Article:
The Turkish Angora and Persian cat breeds both have long hair, but the similarities end there. If you’re trying to decide which is right for you, consider their distinctly different personalities, activity levels and grooming needs.
10 year old and her persian cat image by Stuart Corlett from Fotolia.com
The most obvious difference between these two breeds is the face. The Persian has a short, flat face and very short nose set in a round head. The Angora has a longer nose set in a delicate, wedge-shaped head. The Persian’s large, round eyes are set far apart, and its ears are low and close to the head. The Angora’s large, almond-shaped eyes slant slightly upward, and its ears are close together, erect and tufted. It is not uncommon for Angoras to have two different-colored eyes. The Angora is slender and delicate with a long plume of a tail, while Persians are rather square and muscular, with short legs and short, thick tails.
Coat and Grooming
The Persian is famous for its long and luxuriant coat. With a top coat and an undercoat, daily combing is necessary to prevent tangles and hairballs, and an occasional bath will keep it shining and healthy. The Persian coat comes in many colors and patterns and two textures. Red or black Persians usually have a silky texture, while blue and cream colors have a soft, cottony coat that requires extra attention. The Angora’s coat is not as long as the Persian’s, is soft and silky and rarely mats. Combing once or twice a week will keep the coat looking good. White is the traditional color for Angoras, but they come in many colors and patterns today. Both breeds lose some coat during summer, when more frequent combing may be necessary.
The Angora is outgoing and affectionate, and will greet all of your visitors, sometimes in a doglike fashion. This independent and intelligent breed exercises its hunting instinct by running through the house chasing toys. These agile cats like high places, so look up if you can’t find them. They are interested in everything you do and expect you to be interested in them. Angoras get along with dogs and other pets, but these assertive cats are often the boss. This very active breed is a good choice for families with young children.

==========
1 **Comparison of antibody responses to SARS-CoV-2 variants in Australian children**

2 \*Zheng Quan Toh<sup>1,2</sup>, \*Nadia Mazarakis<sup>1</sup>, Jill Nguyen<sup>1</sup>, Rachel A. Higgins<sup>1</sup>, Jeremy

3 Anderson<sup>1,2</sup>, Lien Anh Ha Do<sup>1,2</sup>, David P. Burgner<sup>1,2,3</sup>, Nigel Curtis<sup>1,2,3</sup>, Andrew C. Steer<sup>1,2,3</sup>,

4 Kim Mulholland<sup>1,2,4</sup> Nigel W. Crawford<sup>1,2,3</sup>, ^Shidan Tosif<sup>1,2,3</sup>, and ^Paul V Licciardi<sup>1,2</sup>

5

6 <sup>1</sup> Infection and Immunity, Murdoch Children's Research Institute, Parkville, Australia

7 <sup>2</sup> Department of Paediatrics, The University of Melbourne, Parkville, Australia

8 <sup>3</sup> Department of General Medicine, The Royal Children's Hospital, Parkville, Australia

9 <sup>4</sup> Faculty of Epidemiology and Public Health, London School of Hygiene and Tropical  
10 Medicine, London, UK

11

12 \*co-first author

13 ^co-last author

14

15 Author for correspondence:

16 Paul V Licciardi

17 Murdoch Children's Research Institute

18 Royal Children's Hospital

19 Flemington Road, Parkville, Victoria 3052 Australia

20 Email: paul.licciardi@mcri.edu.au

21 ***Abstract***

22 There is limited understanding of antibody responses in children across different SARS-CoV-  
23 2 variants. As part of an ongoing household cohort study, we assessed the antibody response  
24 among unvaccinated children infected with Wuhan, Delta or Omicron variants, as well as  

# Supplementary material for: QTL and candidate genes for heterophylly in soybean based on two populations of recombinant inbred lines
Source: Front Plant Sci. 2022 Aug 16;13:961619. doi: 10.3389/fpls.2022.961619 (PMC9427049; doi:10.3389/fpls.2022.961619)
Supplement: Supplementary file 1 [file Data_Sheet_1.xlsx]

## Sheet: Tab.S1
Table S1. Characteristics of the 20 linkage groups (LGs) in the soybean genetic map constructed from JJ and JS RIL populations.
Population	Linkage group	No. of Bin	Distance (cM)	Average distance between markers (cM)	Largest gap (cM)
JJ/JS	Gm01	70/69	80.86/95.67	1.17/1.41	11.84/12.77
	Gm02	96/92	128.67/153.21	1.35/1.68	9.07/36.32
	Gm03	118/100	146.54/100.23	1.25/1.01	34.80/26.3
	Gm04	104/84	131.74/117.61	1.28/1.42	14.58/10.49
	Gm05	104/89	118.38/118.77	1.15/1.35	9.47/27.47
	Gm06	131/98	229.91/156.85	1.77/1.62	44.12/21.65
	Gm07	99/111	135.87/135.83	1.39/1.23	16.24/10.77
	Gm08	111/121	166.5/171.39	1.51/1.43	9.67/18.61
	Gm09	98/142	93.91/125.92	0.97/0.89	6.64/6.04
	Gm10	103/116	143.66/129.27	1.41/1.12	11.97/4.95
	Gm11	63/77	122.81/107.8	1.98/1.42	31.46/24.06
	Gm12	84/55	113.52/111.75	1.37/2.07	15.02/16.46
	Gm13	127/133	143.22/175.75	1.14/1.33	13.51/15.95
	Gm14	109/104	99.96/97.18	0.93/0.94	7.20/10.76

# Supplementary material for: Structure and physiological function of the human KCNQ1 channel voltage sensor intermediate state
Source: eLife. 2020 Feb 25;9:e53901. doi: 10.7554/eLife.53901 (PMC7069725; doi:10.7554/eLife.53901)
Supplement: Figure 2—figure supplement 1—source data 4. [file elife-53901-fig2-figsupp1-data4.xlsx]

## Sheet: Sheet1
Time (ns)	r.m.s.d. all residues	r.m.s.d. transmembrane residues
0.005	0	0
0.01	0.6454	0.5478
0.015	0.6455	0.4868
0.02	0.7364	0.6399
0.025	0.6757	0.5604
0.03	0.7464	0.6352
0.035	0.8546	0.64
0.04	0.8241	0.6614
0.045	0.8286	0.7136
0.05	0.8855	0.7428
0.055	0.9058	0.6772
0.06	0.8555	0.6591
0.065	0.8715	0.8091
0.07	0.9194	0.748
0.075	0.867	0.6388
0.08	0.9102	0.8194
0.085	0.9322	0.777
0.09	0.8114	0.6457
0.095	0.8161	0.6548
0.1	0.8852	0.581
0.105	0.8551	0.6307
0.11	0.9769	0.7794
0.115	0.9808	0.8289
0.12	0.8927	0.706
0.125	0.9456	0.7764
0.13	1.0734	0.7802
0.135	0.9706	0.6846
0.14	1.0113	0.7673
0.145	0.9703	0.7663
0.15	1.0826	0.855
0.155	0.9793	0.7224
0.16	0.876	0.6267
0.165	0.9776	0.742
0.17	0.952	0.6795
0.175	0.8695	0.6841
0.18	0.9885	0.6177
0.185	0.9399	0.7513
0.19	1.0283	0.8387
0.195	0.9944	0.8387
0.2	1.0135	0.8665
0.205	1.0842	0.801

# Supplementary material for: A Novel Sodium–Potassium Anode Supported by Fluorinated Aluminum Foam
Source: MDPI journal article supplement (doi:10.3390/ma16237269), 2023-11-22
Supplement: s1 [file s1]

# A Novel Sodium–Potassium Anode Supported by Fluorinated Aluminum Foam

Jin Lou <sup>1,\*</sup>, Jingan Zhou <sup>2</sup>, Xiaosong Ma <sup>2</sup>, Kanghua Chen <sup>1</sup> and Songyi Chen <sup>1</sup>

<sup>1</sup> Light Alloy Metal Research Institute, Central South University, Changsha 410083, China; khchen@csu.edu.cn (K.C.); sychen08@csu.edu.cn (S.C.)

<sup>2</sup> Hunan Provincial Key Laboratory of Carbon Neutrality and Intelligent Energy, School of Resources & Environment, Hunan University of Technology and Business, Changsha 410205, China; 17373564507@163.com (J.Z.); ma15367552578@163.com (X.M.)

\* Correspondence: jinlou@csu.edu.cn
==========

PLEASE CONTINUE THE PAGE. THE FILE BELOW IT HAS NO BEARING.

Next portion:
The sweet and gentle Persian prefers serenity and gentle handling, but once it feels secure can adapt to a boisterous household. Playful but not demanding, they communicate with soft voices and large, expressive eyes. A Persian will often be draped over a favorite chair or posing in a windowsill, but is not likely to be found in high places, as it isn’t much of a jumper. The breed doesn’t demand your undivided attention but enjoys it when you give it. This creature of habit is comfortable in its home whether you are there or not, but will be happy to see you.
While most are healthy, purebred cats can be susceptible to certain genetic problems. Both the Angora and Persian experience a higher incidence of a heart condition known as hypertrophic cardiomyopathy, which causes thickening of the heart muscle. Blue-eyed cats of both breeds can be deaf. While rare, a condition called Turkish Angora ataxia can affect some lines. This condition begins at 4 weeks and progresses rapidly to a total loss of voluntary muscular control and death. The Persian’s large, protruding eyes make it susceptible to eye infections and irritations, and its flat, short nose can lead to breathing problems. Persians are also prone to kidney disease and retinal atrophy.
Leslie Darling has been a writer since 2003, writing regularly for "Mississippi Magazine" and "South Mississippi Living," specializing in food and wine, animals and pets, and all things Southern. She is a graduate of the University of New Orleans.